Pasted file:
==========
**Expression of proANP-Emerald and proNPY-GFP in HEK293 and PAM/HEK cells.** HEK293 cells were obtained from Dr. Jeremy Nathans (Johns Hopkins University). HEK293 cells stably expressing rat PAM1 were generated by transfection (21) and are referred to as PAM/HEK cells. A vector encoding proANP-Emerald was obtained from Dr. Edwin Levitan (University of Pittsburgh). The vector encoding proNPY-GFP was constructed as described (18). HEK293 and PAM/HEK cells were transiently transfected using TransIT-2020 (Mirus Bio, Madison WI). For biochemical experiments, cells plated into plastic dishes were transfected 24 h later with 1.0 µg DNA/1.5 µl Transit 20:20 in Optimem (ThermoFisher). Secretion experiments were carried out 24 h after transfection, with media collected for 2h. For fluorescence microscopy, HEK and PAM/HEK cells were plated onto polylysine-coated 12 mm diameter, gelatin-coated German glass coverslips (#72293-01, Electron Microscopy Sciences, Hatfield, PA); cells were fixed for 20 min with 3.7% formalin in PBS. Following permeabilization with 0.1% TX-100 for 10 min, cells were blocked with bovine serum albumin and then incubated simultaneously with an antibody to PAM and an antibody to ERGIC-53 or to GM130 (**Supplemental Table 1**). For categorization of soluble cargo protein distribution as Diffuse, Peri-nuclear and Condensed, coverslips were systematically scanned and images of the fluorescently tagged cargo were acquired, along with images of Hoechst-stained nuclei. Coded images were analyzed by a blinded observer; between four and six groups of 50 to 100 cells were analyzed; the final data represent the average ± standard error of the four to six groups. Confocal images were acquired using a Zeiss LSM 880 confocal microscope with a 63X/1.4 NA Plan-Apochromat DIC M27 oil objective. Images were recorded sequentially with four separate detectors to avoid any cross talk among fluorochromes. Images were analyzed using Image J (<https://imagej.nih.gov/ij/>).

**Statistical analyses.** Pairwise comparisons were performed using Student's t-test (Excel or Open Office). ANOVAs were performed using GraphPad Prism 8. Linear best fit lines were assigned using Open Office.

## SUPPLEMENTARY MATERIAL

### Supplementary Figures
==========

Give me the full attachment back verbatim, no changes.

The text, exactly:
**Expression of proANP-Emerald and proNPY-GFP in HEK293 and PAM/HEK cells.** HEK293 cells were obtained from Dr. Jeremy Nathans (Johns Hopkins University). HEK293 cells stably expressing rat PAM1 were generated by transfection (21) and are referred to as PAM/HEK cells. A vector encoding proANP-Emerald was obtained from Dr. Edwin Levitan (University of Pittsburgh). The vector encoding proNPY-GFP was constructed as described (18). HEK293 and PAM/HEK cells were transiently transfected using TransIT-2020 (Mirus Bio, Madison WI). For biochemical experiments, cells plated into plastic dishes were transfected 24 h later with 1.0 µg DNA/1.5 µl Transit 20:20 in Optimem (ThermoFisher). Secretion experiments were carried out 24 h after transfection, with media collected for 2h. For fluorescence microscopy, HEK and PAM/HEK cells were plated onto polylysine-coated 12 mm diameter, gelatin-coated German glass coverslips (#72293-01, Electron Microscopy Sciences, Hatfield, PA); cells were fixed for 20 min with 3.7% formalin in PBS. Following permeabilization with 0.1% TX-100 for 10 min, cells were blocked with bovine serum albumin and then incubated simultaneously with an antibody to PAM and an antibody to ERGIC-53 or to GM130 (**Supplemental Table 1**). For categorization of soluble cargo protein distribution as Diffuse, Peri-nuclear and Condensed, coverslips were systematically scanned and images of the fluorescently tagged cargo were acquired, along with images of Hoechst-stained nuclei. Coded images were analyzed by a blinded observer; between four and six groups of 50 to 100 cells were analyzed; the final data represent the average ± standard error of the four to six groups. Confocal images were acquired using a Zeiss LSM 880 confocal microscope with a 63X/1.4 NA Plan-Apochromat DIC M27 oil objective. Images were recorded sequentially with four separate detectors to avoid any cross talk among fluorochromes. Images were analyzed using Image J (<https://imagej.nih.gov/ij/>).

**Statistical analyses.** Pairwise comparisons were performed using Student's t-test (Excel or Open Office). ANOVAs were performed using GraphPad Prism 8. Linear best fit lines were assigned using Open Office.

## SUPPLEMENTARY MATERIAL

### Supplementary Figures